24-09-2017 15:48:40

Big data: Buzzword or big deal?

Data: Big data truly is the embodiment of a buzzword! But what is the concept all about and how do you get started with it? We will try to answer these questions and see if it at all makes sense to chase the dream of becoming a big data company.
23. mar. 2016 Af Rene Pedersen - netværksredaktør

You already have heard the buzz on big data again and again. If you do not collect and use the enormous amounts of data, which your company without any shadow of doubt is creating, you might as well close your business and go home before a competitor forces you to do so.

But what is big data? Is it when you are analysing the traffic on your website? Or is it transformed into big data, when you combine these numbers with data from your CRM-system? And is it in fact big data when Spotify or Netflix suggest new music or movies you might like?

Let’s start with defining what big data is. We had a talk with two data specialists who have worked with big data for many years and have their qualified guess on what lies behind the concept.

“Big data appears as a solution when the traditional approaches for data storing, processing and retrieving can no longer be applied because the amount of data is just too big. A big data case might be due to very frequent requests, a combination of several data sets or because the kind of stored values is more complex than just numeric values. It is hard to give a threshold to separate what big data is and is not. As a rule of thumb, if you are still wondering whether you have big data or not, the answer is probably not,” says Angel Diego Cuñado Alonso, Machine Learning Engineer at Tradeshift.

About the same definition comes from Johannes Scheibe, a Data Scientist at Ebay who has a Masters in Machine Learning and Computational Neuroscience. He points out four things that charactarises big data: High volume, high variety, high variability and high veracity.

Big or small data - who cares?

Angel Diego Cuñado Alonso and Johannes Scheibe agree on the fact that it does not make sense to put the label big data on all collections of data. Big data should be seen more as a challenge in collecting, storing and processing data. So trying to be a big data company just for the sake of it makes no sense, according to Johannes Scheibe.

“It doesn't matter if it’s small data or big data. What’s important is getting insights and finding a purpose for your business. If you have big data, it’s just a question about how to get that insight from the data, which is an entirely technical challenge. It makes no sense saying on a strategic level: We want to do big data. Either you have data and you can do something useful with it, or you don't,” explains Johannes Scheibe.

Because we all work in the cloud, and because more and more devices are attached to the cloud through the Internet of Things, many companies are in a situation where they are collecting more data. Whether they want it or not. And at the same time data has changed and become more complex.

“In old times, you had databases with columns and rows, where you stored numbers or words to perform simple queries usually in a local machine. Nowadays, we store information, images, videos, documents, music from different sources, and we want results in real time. Hence, the volume of data and its applications have increased drastically. In most cases, the old approaches cannot cope with this,” says Angel Diego Cuñado Alonso.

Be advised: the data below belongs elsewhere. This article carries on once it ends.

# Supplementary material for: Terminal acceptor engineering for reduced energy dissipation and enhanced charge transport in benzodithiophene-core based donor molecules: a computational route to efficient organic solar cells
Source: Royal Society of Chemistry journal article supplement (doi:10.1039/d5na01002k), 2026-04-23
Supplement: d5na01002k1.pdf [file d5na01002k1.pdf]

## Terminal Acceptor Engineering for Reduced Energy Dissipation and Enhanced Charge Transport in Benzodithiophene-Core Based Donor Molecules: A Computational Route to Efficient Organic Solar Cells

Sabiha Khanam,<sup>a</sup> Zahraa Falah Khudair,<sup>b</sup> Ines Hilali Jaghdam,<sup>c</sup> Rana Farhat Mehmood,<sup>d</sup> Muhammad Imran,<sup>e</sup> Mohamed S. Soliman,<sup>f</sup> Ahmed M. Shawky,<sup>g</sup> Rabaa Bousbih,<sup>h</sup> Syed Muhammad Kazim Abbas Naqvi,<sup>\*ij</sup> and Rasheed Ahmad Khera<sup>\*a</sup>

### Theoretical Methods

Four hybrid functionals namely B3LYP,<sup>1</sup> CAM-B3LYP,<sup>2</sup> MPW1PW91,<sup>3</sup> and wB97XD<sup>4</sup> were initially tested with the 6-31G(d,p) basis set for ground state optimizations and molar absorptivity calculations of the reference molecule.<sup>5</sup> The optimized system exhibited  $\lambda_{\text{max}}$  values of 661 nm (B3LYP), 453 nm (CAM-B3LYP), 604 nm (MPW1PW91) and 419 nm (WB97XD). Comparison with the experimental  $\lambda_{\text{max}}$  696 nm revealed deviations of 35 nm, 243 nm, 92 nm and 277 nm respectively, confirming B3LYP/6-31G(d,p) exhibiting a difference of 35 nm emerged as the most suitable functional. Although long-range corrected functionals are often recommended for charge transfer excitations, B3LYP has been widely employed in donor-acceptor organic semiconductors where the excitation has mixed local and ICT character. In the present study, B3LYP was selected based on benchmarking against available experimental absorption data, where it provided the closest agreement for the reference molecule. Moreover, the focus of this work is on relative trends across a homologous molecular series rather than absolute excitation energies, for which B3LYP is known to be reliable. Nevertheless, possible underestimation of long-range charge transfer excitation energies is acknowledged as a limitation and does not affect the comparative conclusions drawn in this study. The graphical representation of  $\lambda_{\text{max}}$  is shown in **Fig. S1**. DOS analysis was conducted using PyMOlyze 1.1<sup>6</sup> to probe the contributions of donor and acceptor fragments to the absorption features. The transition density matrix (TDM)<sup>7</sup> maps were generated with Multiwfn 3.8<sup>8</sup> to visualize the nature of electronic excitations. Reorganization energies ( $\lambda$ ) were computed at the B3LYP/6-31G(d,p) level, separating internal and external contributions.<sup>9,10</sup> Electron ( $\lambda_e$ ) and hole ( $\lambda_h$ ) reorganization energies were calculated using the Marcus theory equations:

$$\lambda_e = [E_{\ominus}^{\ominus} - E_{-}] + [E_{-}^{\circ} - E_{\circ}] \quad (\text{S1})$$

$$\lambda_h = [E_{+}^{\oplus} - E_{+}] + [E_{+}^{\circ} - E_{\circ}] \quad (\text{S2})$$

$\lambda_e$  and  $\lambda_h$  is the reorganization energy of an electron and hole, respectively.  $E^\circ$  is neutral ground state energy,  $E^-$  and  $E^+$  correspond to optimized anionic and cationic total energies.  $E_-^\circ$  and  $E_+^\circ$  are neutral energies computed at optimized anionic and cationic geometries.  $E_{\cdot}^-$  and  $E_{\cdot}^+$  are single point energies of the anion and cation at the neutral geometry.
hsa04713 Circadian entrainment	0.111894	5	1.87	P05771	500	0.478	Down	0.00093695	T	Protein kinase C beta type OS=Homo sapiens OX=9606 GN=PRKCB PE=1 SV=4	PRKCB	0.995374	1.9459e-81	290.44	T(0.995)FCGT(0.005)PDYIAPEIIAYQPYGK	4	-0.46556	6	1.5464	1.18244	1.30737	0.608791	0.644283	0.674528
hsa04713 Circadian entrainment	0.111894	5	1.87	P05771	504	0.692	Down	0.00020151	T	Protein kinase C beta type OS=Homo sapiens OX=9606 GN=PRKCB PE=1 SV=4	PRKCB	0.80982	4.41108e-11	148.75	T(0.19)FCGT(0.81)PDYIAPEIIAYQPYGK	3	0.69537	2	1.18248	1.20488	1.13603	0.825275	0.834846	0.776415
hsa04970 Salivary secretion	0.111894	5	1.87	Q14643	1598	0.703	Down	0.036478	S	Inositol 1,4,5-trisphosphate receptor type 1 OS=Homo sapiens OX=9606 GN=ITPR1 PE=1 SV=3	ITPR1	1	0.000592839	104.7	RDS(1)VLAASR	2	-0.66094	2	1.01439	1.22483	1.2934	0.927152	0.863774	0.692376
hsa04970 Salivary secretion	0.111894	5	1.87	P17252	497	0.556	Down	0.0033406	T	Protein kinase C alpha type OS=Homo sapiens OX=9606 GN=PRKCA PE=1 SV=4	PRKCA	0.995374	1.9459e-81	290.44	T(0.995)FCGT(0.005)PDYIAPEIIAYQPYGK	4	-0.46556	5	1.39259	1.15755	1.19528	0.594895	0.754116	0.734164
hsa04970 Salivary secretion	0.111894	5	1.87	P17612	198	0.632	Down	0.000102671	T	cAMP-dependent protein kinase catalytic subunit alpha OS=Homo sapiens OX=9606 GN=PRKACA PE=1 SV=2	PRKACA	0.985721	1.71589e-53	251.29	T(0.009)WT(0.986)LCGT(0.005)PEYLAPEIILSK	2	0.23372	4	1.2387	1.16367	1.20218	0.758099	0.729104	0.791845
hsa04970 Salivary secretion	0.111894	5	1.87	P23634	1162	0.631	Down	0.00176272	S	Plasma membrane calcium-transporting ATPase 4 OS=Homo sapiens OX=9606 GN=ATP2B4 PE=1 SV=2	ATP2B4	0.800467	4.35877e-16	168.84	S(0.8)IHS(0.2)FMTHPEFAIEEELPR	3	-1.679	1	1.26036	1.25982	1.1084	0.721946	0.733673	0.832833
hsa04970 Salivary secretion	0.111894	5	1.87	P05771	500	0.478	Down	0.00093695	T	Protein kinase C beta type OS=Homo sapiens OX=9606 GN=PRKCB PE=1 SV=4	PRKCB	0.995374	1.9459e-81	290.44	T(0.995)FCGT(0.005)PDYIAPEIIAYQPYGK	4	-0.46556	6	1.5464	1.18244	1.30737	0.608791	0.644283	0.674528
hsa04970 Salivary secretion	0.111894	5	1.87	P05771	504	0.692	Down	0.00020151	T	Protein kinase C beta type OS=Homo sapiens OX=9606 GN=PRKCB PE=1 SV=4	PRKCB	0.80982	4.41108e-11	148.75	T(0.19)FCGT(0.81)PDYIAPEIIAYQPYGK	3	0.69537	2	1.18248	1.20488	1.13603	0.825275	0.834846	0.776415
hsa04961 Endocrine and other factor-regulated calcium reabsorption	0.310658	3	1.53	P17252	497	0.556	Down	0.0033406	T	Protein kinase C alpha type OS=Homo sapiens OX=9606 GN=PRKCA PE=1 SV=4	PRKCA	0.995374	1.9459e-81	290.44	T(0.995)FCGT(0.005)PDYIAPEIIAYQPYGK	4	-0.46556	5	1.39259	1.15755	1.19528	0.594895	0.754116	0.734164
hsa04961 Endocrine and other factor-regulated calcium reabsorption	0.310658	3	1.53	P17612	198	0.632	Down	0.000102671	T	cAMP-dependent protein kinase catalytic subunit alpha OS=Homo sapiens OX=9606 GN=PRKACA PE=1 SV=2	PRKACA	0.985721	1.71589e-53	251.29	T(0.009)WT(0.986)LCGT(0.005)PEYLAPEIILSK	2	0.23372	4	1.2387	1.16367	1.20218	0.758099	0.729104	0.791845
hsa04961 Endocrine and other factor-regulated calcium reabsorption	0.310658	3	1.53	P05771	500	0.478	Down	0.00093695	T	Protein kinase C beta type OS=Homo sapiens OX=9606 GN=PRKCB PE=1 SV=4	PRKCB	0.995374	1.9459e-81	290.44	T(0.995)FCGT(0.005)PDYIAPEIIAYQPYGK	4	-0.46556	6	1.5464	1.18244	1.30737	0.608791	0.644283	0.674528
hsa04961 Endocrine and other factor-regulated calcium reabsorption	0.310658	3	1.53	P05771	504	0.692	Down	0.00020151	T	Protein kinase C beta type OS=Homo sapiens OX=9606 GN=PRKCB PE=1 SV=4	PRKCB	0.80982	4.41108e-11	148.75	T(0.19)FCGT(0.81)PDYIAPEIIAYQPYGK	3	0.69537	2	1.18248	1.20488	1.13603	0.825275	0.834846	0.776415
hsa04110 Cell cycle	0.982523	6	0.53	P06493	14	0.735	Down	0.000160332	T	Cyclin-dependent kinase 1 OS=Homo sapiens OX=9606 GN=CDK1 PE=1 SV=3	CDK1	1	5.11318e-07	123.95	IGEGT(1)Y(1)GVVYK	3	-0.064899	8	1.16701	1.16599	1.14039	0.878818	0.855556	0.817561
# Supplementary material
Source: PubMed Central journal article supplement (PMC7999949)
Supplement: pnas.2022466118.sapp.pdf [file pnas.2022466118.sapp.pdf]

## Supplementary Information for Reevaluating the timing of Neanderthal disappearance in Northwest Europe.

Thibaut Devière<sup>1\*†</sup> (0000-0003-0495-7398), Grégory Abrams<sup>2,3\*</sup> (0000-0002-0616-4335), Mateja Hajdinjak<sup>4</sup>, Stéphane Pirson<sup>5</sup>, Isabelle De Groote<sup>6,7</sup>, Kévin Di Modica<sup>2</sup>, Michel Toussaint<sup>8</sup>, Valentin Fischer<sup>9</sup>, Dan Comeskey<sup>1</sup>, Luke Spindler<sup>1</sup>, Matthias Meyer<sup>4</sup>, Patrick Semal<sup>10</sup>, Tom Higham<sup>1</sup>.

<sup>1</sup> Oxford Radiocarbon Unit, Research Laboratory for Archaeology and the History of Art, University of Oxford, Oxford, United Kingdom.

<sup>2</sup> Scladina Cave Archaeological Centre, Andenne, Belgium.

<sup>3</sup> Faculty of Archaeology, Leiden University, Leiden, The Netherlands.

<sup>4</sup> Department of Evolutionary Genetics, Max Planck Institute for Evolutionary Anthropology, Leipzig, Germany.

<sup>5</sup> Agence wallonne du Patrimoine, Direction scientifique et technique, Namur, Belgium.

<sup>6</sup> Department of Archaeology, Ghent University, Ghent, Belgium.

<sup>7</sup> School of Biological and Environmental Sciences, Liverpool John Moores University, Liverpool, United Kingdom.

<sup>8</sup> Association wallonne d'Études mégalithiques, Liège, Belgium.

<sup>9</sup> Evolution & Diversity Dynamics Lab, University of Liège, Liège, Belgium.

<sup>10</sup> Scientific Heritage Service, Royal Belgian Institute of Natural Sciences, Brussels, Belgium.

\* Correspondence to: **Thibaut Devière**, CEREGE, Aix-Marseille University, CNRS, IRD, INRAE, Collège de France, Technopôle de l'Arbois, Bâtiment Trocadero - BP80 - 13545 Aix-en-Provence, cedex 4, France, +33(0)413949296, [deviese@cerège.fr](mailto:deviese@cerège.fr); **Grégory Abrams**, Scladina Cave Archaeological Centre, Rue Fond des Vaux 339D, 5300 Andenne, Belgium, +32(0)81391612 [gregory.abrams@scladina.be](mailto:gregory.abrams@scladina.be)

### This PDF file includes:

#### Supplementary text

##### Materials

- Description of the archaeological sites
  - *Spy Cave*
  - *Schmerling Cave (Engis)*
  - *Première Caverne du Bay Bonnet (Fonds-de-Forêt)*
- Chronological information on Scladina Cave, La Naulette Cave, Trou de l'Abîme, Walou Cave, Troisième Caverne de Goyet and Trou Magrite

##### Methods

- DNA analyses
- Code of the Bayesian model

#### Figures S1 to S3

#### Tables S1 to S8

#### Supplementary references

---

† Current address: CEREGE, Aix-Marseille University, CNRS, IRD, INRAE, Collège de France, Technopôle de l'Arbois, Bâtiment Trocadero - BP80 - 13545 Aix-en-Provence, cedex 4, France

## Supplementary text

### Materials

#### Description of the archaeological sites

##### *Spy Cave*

Start with defining the insights you need

If you are walking around with serious thoughts about big data, the trick is actually to turn the whole thing upside down. One way could be to say: What do we need to know? There is no reason to collect and structure data if it does not create value for the company.

“In today's world data is never perfect. I am a Machine Learning Engineer and I spend maybe 80 per cent of my time preparing data and putting it together. And maybe 20 per cent working with algorithms,” says Angel Diego Cuñado Alonso and gives an example.

For example, you might have collected data for five years but then find out you need an extra input before being able to draw a conclusion from it. So what do you do with the data you already have? Do you throw away five years’ data or do you try to guess the input for previous entries? No matter what, it is very time-consuming to work with “alignment” of data so it is consistent. The world moves fast and the needs can change, but having clear goals from the start can reduce this burden to a large extend.

"Let's not find solutions for problems we don't have yet; this would just add unnecessary complexity. First, a company needs to understand where it is and where it wants to be. What is our vision? What do our customers want? What are our needs, threats and opportunities? And, what do we want to do about it? You look at what data is available now and find out what extra data can be collected, either internally or externally. I want this - how can I do this faster, cheaper, scalable, flexible - and then you look at the available technologies, and if big data can help you, go for it” explains Angel Diego Cuñado Alonso.

“It's all about telling stories. Finding an insight and telling a story. This is what we see, and this is what it means. You need to be able to communicate this stuff,” adds Johannes Scheibe.

Large amounts of data is not big data

Therefore, for many companies it makes more sense finding a person who is capable of understanding the relations between numbers and who is focused on the company’s overall goals. In most situations, just analysing the company’s data is more than enough. It does not have to be labelled as big data just because you have a lot of data from different sources.

For many companies, hiring people to programme algorithms will be like using a sledgehammer to crack a nut, if your company creates data that can be handled just by sorting and filtering in an Excel spread sheet. Excel is powerful and in reality, it isn’t complicated or hard to create lists based on, let’s say, playing history.